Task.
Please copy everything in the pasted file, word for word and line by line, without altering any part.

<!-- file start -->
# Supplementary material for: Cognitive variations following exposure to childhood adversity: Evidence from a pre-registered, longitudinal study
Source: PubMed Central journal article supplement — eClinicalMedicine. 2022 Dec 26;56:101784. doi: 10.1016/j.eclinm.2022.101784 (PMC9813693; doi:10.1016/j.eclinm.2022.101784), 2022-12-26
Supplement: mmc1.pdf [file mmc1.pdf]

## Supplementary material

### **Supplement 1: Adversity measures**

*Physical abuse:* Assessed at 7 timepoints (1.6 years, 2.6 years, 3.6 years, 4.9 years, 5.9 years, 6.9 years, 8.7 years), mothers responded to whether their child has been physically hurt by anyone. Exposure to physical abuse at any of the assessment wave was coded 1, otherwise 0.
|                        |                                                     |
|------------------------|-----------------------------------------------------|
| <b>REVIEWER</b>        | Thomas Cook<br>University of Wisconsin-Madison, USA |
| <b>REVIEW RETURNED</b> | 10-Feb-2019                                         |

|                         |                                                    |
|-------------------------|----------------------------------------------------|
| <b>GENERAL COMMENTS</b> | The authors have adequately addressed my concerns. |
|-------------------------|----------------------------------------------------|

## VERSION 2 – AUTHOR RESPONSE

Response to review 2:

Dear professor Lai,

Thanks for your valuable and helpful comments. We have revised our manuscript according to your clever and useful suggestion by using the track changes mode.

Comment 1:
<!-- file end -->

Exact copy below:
# Supplementary material for: Cognitive variations following exposure to childhood adversity: Evidence from a pre-registered, longitudinal study
Source: PubMed Central journal article supplement — eClinicalMedicine. 2022 Dec 26;56:101784. doi: 10.1016/j.eclinm.2022.101784 (PMC9813693; doi:10.1016/j.eclinm.2022.101784), 2022-12-26
Supplement: mmc1.pdf [file mmc1.pdf]

## Supplementary material

### **Supplement 1: Adversity measures**

*Physical abuse:* Assessed at 7 timepoints (1.6 years, 2.6 years, 3.6 years, 4.9 years, 5.9 years, 6.9 years, 8.7 years), mothers responded to whether their child has been physically hurt by anyone. Exposure to physical abuse at any of the assessment wave was coded 1, otherwise 0.
|                        |                                                     |
|------------------------|-----------------------------------------------------|
| <b>REVIEWER</b>        | Thomas Cook<br>University of Wisconsin-Madison, USA |
| <b>REVIEW RETURNED</b> | 10-Feb-2019                                         |

|                         |                                                    |
|-------------------------|----------------------------------------------------|
| <b>GENERAL COMMENTS</b> | The authors have adequately addressed my concerns. |
|-------------------------|----------------------------------------------------|

## VERSION 2 – AUTHOR RESPONSE

Response to review 2:

Dear professor Lai,

Thanks for your valuable and helpful comments. We have revised our manuscript according to your clever and useful suggestion by using the track changes mode.

Comment 1: